Remote Voltage Monitoring
When you are using an observatory under remote control there are a number of things that can go wrong and ruin your evening. You need to keep an eye on a lot of stuff. Things like temperature wind, clouds and the scope's position should be monitored.
While the majority of the permanent observatory setups are powered by 120 volt AC. Some, like in my case are either fully solar powered or partially solar powered. For those observatories the user needs to be able the monitor the solar panel output and battery voltage remotely. To do this I use a Velleman 4 channel data logger shown in Figure 1. The logger connects to the observatory PC via a USB 1.1 interface and allows 4 separate channels from 0 to 30 Vdc to be monitored and recorded.
The data logger has 2 modes: Digital Volt Meter (DVM) mode and a analog Strip Chart mode. Each mode has its useful advantages. The DVM mode shown in Figure 2 can be used get an immediate easy to read status of voltages. Those voltages are as follows: Channel 1 - 100 amp hour deep cycle batteries (2) Channel 2 - Solar powered LED interior lights (2) Channel 3 - 120 watt solar panel Channel 4 - 12 volt (unregulated) power supply
Figure 2.As you can see from the figure above there are a number of settings that can be selected from
mode screen. The Voltage Range selection allows the user to select a range that will encompass the highest voltage output that the channel will see. You can also select either the Max or Min box under each one of the voltage displays. Selecting the Max box will hold the highest voltage measured and the Min will hold the lowest. The Time/Div buttons are not used in the DVM display mode. The "Run" button will start the logger continuously recording until the button is pressed again. The Single button will display and record about 15 seconds of data. When the logger is in record mode the red LED on the front of the logger will illuminate.
The other mode is Strip Chart mode. This mode allows the user to trend the voltage of a specified period of time. That time is set by the Time/Div buttons on the right side of the display. In Strip Chart mode the individual channels are displayed as different colored lines on a grid.
In the display above the 5 second per division button was selected. Since there are 17 horizontal divisions on the grid that means the trace represents 85 seconds (1 minute 25 seconds) of data. If the "Run" button was used to start recording, when the trace reaches the end of the grid on the right side, the screen is cleared and the trace restarts from the left side. This will continue until the "Run" button is pressed to stop recording. If the "Single" button is pressed the trace will make one single pass across the grid. Again the time of the trace is determined by the Time/Div selection.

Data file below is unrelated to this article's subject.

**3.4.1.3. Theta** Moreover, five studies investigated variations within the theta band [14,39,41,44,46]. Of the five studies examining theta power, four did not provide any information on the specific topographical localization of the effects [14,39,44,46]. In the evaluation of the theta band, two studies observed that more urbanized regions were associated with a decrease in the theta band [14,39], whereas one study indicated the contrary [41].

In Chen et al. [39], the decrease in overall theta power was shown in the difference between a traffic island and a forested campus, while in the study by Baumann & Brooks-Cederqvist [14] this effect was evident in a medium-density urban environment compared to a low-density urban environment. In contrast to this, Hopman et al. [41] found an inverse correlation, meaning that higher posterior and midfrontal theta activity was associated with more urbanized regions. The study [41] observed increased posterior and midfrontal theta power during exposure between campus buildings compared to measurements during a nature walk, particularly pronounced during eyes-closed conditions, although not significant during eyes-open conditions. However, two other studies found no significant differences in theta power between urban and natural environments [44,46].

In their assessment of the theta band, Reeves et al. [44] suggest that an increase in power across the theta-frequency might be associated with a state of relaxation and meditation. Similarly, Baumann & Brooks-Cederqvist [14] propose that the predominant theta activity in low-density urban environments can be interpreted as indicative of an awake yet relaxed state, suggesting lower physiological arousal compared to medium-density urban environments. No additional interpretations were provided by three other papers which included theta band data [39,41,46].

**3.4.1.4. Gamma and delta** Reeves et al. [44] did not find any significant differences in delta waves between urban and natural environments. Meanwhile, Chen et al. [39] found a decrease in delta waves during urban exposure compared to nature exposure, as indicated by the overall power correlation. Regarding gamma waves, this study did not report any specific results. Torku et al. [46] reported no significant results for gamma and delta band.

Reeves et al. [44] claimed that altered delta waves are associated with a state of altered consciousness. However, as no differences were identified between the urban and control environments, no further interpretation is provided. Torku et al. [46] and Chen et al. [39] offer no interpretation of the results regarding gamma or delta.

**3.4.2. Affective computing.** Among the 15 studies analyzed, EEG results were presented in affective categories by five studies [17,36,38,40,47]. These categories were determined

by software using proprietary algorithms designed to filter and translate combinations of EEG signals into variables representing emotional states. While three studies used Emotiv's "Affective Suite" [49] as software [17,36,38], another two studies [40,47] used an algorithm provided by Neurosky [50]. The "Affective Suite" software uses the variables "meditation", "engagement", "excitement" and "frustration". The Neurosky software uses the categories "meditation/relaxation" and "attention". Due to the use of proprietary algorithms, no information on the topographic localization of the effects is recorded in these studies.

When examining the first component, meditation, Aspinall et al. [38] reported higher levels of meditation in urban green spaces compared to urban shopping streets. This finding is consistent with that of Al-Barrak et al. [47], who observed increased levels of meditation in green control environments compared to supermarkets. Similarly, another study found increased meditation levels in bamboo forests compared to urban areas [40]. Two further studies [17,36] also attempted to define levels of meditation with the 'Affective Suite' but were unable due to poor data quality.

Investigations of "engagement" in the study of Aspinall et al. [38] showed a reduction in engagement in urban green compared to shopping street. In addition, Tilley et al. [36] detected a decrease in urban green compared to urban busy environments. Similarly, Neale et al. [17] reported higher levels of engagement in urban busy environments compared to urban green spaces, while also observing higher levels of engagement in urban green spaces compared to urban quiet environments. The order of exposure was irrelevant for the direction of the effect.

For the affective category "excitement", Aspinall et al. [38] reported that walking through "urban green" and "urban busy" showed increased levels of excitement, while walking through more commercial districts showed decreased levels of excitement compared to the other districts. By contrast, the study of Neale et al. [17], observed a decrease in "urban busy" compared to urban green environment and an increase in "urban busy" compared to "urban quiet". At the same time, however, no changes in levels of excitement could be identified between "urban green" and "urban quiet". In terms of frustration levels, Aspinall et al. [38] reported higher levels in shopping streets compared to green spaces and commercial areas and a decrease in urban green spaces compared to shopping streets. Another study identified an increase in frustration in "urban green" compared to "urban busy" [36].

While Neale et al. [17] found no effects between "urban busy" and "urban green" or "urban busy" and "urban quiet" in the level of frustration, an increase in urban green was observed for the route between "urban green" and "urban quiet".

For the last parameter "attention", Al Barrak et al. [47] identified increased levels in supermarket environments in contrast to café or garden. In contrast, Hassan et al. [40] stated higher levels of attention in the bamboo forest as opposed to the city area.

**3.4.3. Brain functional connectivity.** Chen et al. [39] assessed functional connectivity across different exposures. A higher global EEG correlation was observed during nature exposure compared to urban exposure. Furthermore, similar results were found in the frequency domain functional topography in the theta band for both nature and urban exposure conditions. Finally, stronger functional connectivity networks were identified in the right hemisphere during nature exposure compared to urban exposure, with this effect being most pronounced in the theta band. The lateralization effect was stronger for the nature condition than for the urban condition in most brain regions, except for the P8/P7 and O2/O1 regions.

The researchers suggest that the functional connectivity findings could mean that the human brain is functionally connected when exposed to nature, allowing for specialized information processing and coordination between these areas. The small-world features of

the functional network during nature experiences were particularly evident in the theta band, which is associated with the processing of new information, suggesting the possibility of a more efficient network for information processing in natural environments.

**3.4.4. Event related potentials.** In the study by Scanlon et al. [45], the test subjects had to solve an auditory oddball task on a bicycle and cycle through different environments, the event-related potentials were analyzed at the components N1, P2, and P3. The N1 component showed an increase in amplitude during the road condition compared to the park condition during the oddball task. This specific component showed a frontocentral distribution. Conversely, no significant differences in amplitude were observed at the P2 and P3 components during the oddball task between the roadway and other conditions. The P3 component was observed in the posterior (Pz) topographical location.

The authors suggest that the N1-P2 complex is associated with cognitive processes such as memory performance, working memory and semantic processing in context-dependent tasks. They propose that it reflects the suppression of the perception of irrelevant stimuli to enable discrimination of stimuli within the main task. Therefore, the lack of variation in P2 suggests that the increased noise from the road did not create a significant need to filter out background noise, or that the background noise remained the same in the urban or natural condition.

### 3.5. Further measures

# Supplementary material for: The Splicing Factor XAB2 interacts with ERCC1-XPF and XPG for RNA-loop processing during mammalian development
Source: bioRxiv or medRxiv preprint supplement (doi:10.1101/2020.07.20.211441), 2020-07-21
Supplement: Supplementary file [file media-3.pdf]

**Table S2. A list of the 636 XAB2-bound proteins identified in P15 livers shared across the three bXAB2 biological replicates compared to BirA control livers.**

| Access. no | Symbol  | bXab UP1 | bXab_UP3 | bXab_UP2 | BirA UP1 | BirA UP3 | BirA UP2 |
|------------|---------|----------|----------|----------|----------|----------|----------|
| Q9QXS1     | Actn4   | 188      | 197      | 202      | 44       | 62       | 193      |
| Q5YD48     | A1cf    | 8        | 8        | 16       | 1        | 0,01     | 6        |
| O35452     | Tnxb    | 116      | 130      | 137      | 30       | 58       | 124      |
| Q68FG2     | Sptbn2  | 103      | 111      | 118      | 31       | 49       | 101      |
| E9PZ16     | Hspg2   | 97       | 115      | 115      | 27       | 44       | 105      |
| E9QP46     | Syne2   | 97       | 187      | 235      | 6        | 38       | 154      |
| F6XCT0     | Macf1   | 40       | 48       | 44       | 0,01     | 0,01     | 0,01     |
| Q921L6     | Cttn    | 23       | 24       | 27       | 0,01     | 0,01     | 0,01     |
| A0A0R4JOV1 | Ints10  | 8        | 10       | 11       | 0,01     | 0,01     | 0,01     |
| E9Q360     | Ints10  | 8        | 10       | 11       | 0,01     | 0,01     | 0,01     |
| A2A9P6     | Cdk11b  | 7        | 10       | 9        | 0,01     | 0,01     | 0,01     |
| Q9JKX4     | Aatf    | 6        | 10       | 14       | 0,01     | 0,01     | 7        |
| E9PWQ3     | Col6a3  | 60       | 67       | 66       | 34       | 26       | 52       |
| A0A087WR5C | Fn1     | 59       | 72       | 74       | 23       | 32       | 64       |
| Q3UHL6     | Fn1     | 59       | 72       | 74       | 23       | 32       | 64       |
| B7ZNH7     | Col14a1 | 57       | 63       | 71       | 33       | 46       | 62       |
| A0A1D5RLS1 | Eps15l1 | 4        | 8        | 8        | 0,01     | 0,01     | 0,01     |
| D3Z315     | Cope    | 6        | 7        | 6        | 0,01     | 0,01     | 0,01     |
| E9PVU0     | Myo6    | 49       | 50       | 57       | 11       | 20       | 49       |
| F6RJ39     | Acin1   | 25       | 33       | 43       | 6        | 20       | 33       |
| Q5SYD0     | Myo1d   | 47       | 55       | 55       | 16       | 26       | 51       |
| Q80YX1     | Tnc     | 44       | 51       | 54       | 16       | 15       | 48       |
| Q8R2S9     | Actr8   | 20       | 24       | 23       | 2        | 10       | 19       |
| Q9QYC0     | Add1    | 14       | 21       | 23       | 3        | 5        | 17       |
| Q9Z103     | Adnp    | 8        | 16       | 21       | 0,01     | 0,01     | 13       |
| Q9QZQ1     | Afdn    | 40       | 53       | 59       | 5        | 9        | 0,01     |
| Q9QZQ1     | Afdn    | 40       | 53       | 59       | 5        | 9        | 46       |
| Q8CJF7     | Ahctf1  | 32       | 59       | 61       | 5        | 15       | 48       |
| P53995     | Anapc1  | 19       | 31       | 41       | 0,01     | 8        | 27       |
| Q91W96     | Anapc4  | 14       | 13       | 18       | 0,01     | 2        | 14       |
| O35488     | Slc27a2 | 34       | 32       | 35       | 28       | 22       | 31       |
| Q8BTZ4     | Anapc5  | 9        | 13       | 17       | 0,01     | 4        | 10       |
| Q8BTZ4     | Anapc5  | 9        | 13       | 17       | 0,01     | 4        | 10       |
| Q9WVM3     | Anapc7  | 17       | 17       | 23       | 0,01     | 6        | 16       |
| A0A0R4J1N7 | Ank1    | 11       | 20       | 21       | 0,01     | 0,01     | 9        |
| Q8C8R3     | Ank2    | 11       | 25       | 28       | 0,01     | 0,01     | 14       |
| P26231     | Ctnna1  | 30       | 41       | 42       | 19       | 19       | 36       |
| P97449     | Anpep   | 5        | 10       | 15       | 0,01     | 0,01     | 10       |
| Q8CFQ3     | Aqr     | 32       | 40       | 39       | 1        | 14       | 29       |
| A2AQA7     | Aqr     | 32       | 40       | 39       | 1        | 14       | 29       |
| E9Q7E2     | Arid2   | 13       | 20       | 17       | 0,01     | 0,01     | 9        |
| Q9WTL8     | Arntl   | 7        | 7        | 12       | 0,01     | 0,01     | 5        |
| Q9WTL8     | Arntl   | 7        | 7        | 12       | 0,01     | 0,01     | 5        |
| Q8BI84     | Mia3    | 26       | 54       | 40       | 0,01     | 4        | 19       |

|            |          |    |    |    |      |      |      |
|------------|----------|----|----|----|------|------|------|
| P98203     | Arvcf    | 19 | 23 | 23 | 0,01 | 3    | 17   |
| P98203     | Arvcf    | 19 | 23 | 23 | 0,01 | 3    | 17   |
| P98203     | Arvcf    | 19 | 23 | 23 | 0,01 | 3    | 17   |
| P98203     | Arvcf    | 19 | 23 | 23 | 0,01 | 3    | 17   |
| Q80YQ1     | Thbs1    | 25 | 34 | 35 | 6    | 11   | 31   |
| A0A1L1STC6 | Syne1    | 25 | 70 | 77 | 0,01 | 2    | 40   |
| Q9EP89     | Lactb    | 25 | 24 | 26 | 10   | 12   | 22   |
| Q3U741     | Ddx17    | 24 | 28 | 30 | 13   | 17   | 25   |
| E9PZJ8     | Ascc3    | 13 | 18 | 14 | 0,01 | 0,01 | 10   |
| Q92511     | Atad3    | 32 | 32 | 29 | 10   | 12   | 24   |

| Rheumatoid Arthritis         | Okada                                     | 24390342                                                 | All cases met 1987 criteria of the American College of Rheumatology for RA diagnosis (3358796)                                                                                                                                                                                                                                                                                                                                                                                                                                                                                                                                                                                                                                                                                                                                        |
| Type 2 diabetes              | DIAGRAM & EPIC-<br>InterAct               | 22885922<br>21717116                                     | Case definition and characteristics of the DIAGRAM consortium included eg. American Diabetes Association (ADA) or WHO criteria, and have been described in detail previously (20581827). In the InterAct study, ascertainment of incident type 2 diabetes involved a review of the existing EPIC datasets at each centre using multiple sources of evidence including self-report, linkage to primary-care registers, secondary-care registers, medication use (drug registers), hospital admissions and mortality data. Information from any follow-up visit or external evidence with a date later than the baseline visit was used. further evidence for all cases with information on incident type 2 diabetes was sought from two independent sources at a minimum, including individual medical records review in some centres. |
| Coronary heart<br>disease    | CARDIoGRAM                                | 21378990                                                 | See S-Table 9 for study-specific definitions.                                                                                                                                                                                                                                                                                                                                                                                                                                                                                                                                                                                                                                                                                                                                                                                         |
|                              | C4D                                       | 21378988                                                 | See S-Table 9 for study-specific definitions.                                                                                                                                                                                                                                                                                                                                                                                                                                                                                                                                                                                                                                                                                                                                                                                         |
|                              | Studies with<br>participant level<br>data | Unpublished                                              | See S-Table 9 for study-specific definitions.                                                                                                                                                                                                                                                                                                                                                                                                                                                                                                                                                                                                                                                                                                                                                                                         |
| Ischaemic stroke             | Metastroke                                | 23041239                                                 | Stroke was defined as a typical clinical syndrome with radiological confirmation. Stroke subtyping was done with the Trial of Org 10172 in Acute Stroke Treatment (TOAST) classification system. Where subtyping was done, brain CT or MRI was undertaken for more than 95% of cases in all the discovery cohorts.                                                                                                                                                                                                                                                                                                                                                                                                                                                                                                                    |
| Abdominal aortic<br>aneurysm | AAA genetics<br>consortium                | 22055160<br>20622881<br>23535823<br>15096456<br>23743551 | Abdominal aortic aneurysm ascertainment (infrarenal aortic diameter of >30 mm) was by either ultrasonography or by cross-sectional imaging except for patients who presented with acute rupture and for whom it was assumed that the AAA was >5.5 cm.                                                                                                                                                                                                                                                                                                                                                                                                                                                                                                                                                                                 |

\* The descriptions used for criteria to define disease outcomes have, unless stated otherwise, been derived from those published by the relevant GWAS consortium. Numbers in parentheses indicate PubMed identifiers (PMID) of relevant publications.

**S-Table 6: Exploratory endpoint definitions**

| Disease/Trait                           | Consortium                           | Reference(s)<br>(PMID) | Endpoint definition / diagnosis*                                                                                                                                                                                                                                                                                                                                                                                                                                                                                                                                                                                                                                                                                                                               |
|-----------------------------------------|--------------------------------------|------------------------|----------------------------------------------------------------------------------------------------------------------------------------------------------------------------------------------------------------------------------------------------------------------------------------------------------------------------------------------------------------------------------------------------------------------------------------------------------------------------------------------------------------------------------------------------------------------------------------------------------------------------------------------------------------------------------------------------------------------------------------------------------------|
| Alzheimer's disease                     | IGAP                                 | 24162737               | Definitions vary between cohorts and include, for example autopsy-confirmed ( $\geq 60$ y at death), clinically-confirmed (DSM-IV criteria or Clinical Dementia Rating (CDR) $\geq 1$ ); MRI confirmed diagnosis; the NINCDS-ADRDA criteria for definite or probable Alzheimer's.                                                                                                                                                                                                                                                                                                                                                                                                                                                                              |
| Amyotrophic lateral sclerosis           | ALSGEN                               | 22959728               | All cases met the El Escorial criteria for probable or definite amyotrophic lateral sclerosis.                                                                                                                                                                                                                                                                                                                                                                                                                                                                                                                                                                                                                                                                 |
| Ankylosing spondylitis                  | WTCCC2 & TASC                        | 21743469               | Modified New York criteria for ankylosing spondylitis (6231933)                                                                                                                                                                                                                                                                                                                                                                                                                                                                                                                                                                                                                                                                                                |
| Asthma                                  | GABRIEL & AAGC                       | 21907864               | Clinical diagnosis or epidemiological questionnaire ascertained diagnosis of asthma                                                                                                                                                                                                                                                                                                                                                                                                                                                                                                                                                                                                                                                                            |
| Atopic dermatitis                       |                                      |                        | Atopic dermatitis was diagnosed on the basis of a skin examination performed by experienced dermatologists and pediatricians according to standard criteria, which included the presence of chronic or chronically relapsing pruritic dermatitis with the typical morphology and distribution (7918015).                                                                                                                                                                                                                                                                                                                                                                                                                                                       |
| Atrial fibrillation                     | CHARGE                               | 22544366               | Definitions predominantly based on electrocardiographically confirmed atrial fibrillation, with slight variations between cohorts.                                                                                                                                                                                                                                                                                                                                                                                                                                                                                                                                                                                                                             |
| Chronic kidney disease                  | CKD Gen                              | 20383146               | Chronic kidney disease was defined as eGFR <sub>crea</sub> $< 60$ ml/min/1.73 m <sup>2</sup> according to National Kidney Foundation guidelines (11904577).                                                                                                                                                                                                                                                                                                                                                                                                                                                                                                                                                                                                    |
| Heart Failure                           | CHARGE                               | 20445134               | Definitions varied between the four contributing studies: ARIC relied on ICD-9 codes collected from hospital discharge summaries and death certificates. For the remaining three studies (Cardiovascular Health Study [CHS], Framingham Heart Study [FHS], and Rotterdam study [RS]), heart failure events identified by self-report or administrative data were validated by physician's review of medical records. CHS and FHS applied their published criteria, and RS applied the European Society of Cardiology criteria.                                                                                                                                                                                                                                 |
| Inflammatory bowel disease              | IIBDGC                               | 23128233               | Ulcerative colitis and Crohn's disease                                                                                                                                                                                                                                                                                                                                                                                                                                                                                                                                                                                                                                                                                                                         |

For each channel the value of each vertical box is equal to the voltage range divided by 8 (which is the number of vertical boxes). That means in case of channels 1, 3 and 4 above each division is 3.75 volts. For channel 2, each division is 0.75 volts.
During remote operation monitoring of certain voltage telemetry will give the user specific info about what is happening with the system. Take a look at the telemetry from channel 3 above. Notice the white line has a saw-tooth type of pattern. This is a result of the solar charge controller regulating the battery charge by sensing the battery voltage under a small load. It then modulates the battery charging so the batteries are not over charged. When the controller disconnects the battery load from the solar panel the voltage goes up to 17.66 volts where it levels off. As soon as the batteries are reconnected the voltage drops to 13.88 volts which is also the high voltage value of the flooded lead acid batteries. You can see from the saw-tooth the cycle is constant at about one cycle per second. So if I was using the system remotely for solar observation, the telemetry from channel #1 and channel #3 would tell me the observatory's batteries are in a fully charged state.
The other thing I could tell is that one set of LED lights inside the observatory (Figure 4) had turned on about 45 seconds ago. I would know this because the voltage on channel #3 (green line in figure 3) had dropped about one volt. If both sets of LED had turned on the voltage drop would have been greater (closer to 2 volts). The LED lights will automatic turn on when it gets dark. The purpose for this is so the observer does not enter a dark observatory and risk hitting their head on the counter weights (trust me that hurts). There are 2 sets of LED lights in the observatory. A white light set and a set with a rubylith cover. The lights can be manually turned OFF by use of rocker switches seen below the light in figure 4. Which, both or any of the lights can be configured to turn on. For the purposes of this article darkness was simulated by placing a black cover of the small solar panel for these lights. When the solar panel voltage drops to zero (which happens when it gets dark) the lights turn on.
Figure 4. White LED light
If a device stopped working correctly a check of the voltage telemetry might clue the remote user as to what the problem was. For example a sudden increase in voltage in the battery or power supply telemetry could indicate a blown fuse on a device using that supply. Low battery voltage might explain a non-responsive camera or indicate a shorted battery which could cause of a fire. So as you can see there are other things that might need to be monitored besides just weather and physical position of the telescope in a remote controlled observatory. ===================================================================================================================
Updated 10/08/2006- Please report broken links email@example.com